Bolin concurred that MHSA will be expanded from people who were suicidal, homicidal or gravely disabled due to mental illness, to include people suffering from substance abuse, living in an unsafe living environment, or who have untreated medical conditions.

“Everything is spread out much thinner, so we are going to have to use the same money for more people,” said Nelson.

On the positive side, Bolin said the proposition will tackle the severe shortage of psychiatric beds. She said that right now when the mentally ill are put on a psychiatric hold, the hold expires before they are even able to receive treatment.

Seventy percent of Prop 1 money will go towards building out psychiatric facilities according to the LAO report.

Nelson agreed saying that if an individual is found incompetent to stand trial and they need to be in a facility to restore competency, “in Tulare County, it takes one to two months sitting in a jail waiting for an open bed to come up just to be treated.”

But Bolin did agree that Prop 1 will cut funds for prevention and that is why Tulare County Health and Human Services has taken a neutral stance on the measure.

Ri’Chard was in agreement that California needs more housing, which Prop 1 does, but she does not agree with doing it at the expense of mental health.

Ina Evangelho, an attendee, said after the forum, “the more I think about all that was said, the more I realize that the current status quo just is not good enough.  We need those mental health hospitals, we need more affordable housing.  The original MHSA that provides all the money our current system works with was enacted over 20 years ago, and the situation has gone from bad to critical.”

Involuntary lock up

A member of the audience expressed their concern for people losing their civil rights when subjected to an involuntary lockup.

Bolin acknowledged the person’s concerns saying, “What qualifies as a psychiatric hold will expand under Prop 1 which does take away your rights. It is an involuntary hold.”

Nelson explained one of the reasons to expand the definition of who can be locked up was that 50% of people who have a mental illness don’t realize they have a mental illness, and that’s when the mandatory lockup is necessary.

Ri’Chard was critical of this part of the proposition saying, “hospital beds are not homes.”

“When you lock someone away you can’t expect them to get better. When you lock someone in a jail how do they come out? A better criminal,” she said.

“I want housing to be voluntary, and not lock people up, while at the same time not lose services. Why take away services that are working?” said Ri’Chard.”

Why do we have to choose?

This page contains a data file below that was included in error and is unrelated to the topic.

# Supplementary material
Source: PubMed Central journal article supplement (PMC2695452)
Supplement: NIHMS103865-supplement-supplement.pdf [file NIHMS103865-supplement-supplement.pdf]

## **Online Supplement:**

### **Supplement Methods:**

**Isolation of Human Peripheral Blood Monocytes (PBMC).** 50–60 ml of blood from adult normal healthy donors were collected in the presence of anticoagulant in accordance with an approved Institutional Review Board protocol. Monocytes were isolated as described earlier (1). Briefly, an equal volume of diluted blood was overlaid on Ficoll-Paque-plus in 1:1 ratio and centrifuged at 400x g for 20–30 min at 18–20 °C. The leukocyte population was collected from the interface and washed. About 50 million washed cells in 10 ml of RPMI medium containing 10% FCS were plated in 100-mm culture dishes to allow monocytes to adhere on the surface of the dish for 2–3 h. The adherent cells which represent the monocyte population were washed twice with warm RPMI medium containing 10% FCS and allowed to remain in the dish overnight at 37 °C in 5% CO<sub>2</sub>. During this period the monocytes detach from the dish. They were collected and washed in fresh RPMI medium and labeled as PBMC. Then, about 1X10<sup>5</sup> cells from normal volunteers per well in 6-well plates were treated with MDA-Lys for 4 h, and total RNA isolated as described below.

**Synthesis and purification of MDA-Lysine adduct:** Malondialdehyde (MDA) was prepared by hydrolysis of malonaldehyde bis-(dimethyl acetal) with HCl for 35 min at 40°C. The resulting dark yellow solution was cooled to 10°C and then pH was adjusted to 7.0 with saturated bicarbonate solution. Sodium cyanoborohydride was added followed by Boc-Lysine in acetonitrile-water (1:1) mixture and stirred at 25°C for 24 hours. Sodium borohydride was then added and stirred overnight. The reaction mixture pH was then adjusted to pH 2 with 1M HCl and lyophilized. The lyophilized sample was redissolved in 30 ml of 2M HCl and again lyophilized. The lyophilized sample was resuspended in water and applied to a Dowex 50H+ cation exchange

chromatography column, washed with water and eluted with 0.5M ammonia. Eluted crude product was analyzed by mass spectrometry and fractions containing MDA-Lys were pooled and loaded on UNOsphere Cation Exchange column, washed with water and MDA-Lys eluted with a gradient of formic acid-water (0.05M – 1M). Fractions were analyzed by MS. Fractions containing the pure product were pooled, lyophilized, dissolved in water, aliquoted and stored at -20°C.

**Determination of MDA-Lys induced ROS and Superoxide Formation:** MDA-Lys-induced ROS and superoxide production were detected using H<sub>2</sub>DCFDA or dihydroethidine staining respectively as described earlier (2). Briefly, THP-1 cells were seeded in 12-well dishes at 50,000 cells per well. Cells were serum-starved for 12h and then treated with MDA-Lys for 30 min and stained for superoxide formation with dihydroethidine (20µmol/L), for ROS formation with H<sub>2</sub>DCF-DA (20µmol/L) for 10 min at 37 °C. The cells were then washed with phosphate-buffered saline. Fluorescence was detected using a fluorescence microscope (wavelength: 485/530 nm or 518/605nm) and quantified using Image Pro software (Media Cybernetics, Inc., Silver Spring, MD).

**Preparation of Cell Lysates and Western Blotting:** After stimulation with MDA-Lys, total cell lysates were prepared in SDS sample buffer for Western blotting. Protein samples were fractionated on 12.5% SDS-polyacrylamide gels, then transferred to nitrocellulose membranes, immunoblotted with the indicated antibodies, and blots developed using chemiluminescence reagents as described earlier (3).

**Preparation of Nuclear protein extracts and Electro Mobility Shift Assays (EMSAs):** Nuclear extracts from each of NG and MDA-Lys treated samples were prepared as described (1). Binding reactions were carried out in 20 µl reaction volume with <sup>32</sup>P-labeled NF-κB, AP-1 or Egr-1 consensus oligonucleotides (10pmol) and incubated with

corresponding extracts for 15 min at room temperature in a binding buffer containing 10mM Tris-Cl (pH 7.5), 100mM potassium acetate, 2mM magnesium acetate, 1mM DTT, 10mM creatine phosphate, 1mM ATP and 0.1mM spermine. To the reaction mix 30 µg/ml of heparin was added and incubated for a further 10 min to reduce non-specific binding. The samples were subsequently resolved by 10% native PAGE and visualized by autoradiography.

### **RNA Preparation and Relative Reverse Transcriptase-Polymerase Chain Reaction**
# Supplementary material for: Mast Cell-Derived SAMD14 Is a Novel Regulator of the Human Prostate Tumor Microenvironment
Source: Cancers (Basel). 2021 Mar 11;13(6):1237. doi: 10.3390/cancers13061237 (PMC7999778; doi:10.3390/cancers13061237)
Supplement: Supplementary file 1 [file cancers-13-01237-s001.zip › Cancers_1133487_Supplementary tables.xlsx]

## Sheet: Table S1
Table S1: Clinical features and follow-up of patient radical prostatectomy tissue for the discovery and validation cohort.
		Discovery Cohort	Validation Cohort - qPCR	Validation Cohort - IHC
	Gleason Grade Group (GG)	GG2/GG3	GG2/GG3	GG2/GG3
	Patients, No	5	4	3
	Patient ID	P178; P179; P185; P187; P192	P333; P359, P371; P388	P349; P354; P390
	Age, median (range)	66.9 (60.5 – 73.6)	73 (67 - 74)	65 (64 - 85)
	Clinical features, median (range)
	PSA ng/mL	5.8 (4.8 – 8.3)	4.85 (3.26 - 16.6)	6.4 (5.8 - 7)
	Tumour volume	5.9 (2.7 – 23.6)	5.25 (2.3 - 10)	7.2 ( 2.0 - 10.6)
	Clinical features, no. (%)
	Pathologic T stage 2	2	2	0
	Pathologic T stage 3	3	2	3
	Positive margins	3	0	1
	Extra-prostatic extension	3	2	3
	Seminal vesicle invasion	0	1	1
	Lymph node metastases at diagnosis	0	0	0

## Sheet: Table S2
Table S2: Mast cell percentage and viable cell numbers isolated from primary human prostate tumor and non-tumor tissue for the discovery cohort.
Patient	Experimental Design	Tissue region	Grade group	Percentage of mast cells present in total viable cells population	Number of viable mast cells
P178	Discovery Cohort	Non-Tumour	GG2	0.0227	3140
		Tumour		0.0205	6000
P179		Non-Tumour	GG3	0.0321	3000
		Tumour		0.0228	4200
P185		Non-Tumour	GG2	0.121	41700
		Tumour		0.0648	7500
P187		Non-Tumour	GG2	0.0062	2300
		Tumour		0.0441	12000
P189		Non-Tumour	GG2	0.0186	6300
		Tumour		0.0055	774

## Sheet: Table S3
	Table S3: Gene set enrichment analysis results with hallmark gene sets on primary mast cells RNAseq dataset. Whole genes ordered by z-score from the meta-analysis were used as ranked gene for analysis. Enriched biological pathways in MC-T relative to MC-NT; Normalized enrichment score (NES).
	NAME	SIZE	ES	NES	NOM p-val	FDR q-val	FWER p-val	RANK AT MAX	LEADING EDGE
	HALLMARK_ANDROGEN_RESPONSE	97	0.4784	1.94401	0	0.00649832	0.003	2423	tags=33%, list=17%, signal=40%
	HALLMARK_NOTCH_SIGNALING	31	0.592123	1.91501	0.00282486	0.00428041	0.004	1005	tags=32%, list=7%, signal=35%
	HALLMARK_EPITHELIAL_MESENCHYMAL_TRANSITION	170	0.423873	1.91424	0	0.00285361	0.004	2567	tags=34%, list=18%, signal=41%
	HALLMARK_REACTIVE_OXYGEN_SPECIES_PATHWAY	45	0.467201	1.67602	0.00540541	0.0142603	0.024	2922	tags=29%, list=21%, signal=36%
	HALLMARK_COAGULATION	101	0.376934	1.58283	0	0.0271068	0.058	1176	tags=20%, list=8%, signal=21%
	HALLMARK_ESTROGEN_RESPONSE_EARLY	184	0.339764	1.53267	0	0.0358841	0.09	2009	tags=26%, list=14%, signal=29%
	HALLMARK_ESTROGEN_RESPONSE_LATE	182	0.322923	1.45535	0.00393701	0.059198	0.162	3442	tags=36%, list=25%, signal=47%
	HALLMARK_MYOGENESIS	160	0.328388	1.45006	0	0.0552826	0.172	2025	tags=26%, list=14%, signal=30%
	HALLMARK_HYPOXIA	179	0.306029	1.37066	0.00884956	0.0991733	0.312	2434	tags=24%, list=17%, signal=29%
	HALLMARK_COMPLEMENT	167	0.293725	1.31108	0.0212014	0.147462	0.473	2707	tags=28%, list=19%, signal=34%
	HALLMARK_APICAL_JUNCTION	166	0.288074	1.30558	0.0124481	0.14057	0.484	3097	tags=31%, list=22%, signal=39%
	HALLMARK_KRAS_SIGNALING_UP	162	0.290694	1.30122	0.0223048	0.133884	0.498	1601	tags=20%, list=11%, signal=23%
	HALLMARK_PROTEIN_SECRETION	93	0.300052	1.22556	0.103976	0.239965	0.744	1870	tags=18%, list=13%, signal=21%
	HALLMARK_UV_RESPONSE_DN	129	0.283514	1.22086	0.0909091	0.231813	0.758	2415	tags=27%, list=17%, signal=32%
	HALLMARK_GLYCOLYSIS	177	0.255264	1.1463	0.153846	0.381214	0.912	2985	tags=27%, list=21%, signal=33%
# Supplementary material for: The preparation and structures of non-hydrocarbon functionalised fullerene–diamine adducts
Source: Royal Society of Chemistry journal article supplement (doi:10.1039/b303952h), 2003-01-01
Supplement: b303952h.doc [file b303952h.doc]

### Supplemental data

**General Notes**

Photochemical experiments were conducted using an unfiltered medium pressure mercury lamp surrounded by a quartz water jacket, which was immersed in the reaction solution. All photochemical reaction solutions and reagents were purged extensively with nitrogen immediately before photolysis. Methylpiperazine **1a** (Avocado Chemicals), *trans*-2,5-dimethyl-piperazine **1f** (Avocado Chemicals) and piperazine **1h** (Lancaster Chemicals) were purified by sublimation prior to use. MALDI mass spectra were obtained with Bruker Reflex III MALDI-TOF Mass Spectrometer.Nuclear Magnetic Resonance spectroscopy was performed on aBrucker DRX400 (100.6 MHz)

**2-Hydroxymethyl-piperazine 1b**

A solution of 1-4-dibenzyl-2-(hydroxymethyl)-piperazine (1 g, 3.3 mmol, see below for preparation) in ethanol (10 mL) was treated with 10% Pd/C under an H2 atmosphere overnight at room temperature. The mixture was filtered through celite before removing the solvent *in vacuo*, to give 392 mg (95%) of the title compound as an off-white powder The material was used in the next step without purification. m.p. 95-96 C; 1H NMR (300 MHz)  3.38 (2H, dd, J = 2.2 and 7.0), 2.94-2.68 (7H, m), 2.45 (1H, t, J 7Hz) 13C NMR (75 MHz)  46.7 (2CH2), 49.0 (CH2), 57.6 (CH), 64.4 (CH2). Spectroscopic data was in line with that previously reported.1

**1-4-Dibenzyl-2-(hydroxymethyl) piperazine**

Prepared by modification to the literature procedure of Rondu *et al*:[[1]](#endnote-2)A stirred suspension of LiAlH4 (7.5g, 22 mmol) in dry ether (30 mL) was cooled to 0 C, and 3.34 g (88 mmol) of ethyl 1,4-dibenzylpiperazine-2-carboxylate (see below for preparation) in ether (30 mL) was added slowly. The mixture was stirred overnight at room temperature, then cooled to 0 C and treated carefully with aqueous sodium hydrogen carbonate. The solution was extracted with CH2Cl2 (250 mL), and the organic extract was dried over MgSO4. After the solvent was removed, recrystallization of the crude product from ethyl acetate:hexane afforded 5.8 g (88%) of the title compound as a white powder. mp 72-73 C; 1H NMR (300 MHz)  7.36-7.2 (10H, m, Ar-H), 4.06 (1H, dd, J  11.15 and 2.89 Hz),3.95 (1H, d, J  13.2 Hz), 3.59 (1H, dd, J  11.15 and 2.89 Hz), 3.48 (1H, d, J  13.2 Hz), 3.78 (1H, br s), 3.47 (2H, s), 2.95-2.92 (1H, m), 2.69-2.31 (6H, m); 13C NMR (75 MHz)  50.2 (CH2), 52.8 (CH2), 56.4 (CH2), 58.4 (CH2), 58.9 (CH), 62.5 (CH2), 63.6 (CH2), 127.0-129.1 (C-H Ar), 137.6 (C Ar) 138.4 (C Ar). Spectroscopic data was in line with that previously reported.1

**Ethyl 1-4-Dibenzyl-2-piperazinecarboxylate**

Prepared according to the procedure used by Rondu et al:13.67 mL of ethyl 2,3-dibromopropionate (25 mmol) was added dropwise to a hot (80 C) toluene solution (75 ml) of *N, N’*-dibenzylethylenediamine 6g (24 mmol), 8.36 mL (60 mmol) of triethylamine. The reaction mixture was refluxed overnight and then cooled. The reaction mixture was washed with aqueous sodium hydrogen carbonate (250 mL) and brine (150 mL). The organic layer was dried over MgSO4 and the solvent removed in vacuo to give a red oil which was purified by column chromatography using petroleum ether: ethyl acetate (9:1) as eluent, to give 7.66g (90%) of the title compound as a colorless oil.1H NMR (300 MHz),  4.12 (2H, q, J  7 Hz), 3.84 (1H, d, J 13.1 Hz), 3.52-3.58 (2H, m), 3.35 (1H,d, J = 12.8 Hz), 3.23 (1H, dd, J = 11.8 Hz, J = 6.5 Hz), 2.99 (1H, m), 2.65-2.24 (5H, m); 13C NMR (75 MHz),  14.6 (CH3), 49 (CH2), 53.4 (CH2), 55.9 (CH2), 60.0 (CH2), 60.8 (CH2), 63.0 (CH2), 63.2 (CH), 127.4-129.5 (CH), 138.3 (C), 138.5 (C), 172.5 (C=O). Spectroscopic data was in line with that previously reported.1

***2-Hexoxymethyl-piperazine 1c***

Towards the end of the forum an audience member voiced her frustration, “why do we have to choose?”

She said it seemed to her that supportive services treat the mentally ill, and without these services there will be more mentally ill on the street.

Ri’Chard said that she has firsthand experience with mental illness and peer counseling.

“I wouldn’t be here today without it,” she said.

She gave the example that if a bipolar person loses their counseling due to the cuts, they then may lose their job, then their car, then they will be homeless.

“We need a trickle up with more housing, not a trickle down,” Ri’Chard said

9 thoughts on “Prop 1: homelessness or mental health – who gets the money?

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  1. What we’ve got here is failure to see the forest for the trees. The most obvious solution is to raise the 1% tax per year to 2% on those who make over a million dollars per year thus reducing the amount of bond money being asked for. Millionaires and Billionaires are nowhere close to paying their fair share of taxes. And don’t preach to me about all the jobs they create, not with all this corporate greed they indulge themselves in. Nothing they do makes it okay to not pay their fair share of taxes. Right is right. Based on what I am reading funds will be cut for mental health services at a time where there is a severe shortage of therapists and psychiatrists to serve clients as it is. Cutting funds for mental health will devastate an already weaken system. “Changing how we spend money” is a cliche of “now you see it and now you don’t”. Prop 1 is a non-starter for me. I will vote NO!

    • In other words, tax others, just not you! This is why Democrats are such failures at everything they touch! Smoke another joind and it’ll all work out!

  2. I am seriously getting tired of people using excuses of this will help the homeless. We have spent billions of dollars on the homeless and barely fixed anything. Pulling money from counties who are established working protocols and programs for mental health clients is not the right answer. Money needs to be utilized at the local level not the state level.

  3. If they change a thing, it should be to ensure that housing offered is no-barrier entry. Every time money comes in our officials put their religion into it which sabotages the effort immediately. Everyone needs a home and it’s the barriers that are stopping them, keeping people on the streets to force compliance. People with pets, with drugs in their systems, when alcoholic, when unemployed all need homes or obviously they will be on the street where no one wants them to be-housing offered to EVERYONE is the only way to end homelessness.

    • Unfortunately its unrealistic if you think that having a roof over your head will magically resolve the homelessness issue. Many of these people are resistive to treatment and will never be able to function independently because they’re gravely disabled and have poor insight and judgment.